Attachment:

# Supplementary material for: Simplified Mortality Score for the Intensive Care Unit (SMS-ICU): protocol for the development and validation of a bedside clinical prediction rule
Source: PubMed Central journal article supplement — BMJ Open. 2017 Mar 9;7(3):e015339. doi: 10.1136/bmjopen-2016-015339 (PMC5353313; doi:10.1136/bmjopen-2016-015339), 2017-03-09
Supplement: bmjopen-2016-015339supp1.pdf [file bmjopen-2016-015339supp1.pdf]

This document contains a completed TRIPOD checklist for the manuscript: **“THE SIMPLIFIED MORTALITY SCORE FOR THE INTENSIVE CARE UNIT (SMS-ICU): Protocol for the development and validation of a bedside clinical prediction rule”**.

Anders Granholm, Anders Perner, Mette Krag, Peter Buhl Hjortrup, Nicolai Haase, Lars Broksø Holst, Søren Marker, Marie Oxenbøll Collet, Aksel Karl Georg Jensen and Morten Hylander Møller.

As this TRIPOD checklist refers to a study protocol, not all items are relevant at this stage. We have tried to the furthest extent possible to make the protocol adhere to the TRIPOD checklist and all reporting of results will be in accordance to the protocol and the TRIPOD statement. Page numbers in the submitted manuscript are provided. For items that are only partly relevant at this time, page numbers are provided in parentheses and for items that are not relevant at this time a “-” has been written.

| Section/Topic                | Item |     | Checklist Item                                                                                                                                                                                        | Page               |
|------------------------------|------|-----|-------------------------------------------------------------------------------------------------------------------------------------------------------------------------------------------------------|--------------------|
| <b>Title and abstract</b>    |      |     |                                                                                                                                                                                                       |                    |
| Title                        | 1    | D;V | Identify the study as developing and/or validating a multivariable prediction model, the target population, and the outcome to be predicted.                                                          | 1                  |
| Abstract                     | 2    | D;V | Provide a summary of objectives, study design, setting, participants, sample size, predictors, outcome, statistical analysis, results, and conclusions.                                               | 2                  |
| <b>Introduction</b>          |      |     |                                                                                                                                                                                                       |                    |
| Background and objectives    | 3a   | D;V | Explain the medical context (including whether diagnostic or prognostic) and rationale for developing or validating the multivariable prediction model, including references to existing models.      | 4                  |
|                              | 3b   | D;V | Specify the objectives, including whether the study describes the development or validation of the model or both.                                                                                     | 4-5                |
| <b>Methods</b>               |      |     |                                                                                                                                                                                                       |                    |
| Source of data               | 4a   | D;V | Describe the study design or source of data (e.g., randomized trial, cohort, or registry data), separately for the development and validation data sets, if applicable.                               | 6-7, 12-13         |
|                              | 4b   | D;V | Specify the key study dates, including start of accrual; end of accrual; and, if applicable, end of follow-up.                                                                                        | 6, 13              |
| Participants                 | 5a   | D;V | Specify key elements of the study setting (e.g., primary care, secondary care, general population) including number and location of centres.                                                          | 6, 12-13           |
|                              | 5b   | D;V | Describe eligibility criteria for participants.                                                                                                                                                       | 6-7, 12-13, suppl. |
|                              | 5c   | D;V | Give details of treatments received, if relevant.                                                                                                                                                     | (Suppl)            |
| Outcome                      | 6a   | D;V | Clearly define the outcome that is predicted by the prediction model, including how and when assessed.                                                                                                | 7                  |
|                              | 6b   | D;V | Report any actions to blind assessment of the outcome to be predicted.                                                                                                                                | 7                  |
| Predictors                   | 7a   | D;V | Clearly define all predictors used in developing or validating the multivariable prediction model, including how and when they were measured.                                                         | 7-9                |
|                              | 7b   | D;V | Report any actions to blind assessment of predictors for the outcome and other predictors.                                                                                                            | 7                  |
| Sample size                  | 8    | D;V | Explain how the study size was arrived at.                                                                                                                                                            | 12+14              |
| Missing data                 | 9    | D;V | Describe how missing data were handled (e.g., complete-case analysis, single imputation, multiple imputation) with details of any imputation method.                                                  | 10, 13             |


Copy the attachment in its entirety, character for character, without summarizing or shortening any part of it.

# Supplementary material for: Simplified Mortality Score for the Intensive Care Unit (SMS-ICU): protocol for the development and validation of a bedside clinical prediction rule
Source: PubMed Central journal article supplement — BMJ Open. 2017 Mar 9;7(3):e015339. doi: 10.1136/bmjopen-2016-015339 (PMC5353313; doi:10.1136/bmjopen-2016-015339), 2017-03-09
Supplement: bmjopen-2016-015339supp1.pdf [file bmjopen-2016-015339supp1.pdf]

This document contains a completed TRIPOD checklist for the manuscript: **“THE SIMPLIFIED MORTALITY SCORE FOR THE INTENSIVE CARE UNIT (SMS-ICU): Protocol for the development and validation of a bedside clinical prediction rule”**.

Anders Granholm, Anders Perner, Mette Krag, Peter Buhl Hjortrup, Nicolai Haase, Lars Broksø Holst, Søren Marker, Marie Oxenbøll Collet, Aksel Karl Georg Jensen and Morten Hylander Møller.

As this TRIPOD checklist refers to a study protocol, not all items are relevant at this stage. We have tried to the furthest extent possible to make the protocol adhere to the TRIPOD checklist and all reporting of results will be in accordance to the protocol and the TRIPOD statement. Page numbers in the submitted manuscript are provided. For items that are only partly relevant at this time, page numbers are provided in parentheses and for items that are not relevant at this time a “-” has been written.

| Section/Topic                | Item |     | Checklist Item                                                                                                                                                                                        | Page               |
|------------------------------|------|-----|-------------------------------------------------------------------------------------------------------------------------------------------------------------------------------------------------------|--------------------|
| <b>Title and abstract</b>    |      |     |                                                                                                                                                                                                       |                    |
| Title                        | 1    | D;V | Identify the study as developing and/or validating a multivariable prediction model, the target population, and the outcome to be predicted.                                                          | 1                  |
| Abstract                     | 2    | D;V | Provide a summary of objectives, study design, setting, participants, sample size, predictors, outcome, statistical analysis, results, and conclusions.                                               | 2                  |
| <b>Introduction</b>          |      |     |                                                                                                                                                                                                       |                    |
| Background and objectives    | 3a   | D;V | Explain the medical context (including whether diagnostic or prognostic) and rationale for developing or validating the multivariable prediction model, including references to existing models.      | 4                  |
|                              | 3b   | D;V | Specify the objectives, including whether the study describes the development or validation of the model or both.                                                                                     | 4-5                |
| <b>Methods</b>               |      |     |                                                                                                                                                                                                       |                    |
| Source of data               | 4a   | D;V | Describe the study design or source of data (e.g., randomized trial, cohort, or registry data), separately for the development and validation data sets, if applicable.                               | 6-7, 12-13         |
|                              | 4b   | D;V | Specify the key study dates, including start of accrual; end of accrual; and, if applicable, end of follow-up.                                                                                        | 6, 13              |
| Participants                 | 5a   | D;V | Specify key elements of the study setting (e.g., primary care, secondary care, general population) including number and location of centres.                                                          | 6, 12-13           |
|                              | 5b   | D;V | Describe eligibility criteria for participants.                                                                                                                                                       | 6-7, 12-13, suppl. |
|                              | 5c   | D;V | Give details of treatments received, if relevant.                                                                                                                                                     | (Suppl)            |
| Outcome                      | 6a   | D;V | Clearly define the outcome that is predicted by the prediction model, including how and when assessed.                                                                                                | 7                  |
|                              | 6b   | D;V | Report any actions to blind assessment of the outcome to be predicted.                                                                                                                                | 7                  |
| Predictors                   | 7a   | D;V | Clearly define all predictors used in developing or validating the multivariable prediction model, including how and when they were measured.                                                         | 7-9                |
|                              | 7b   | D;V | Report any actions to blind assessment of predictors for the outcome and other predictors.                                                                                                            | 7                  |
| Sample size                  | 8    | D;V | Explain how the study size was arrived at.                                                                                                                                                            | 12+14              |
| Missing data                 | 9    | D;V | Describe how missing data were handled (e.g., complete-case analysis, single imputation, multiple imputation) with details of any imputation method.                                                  | 10, 13             |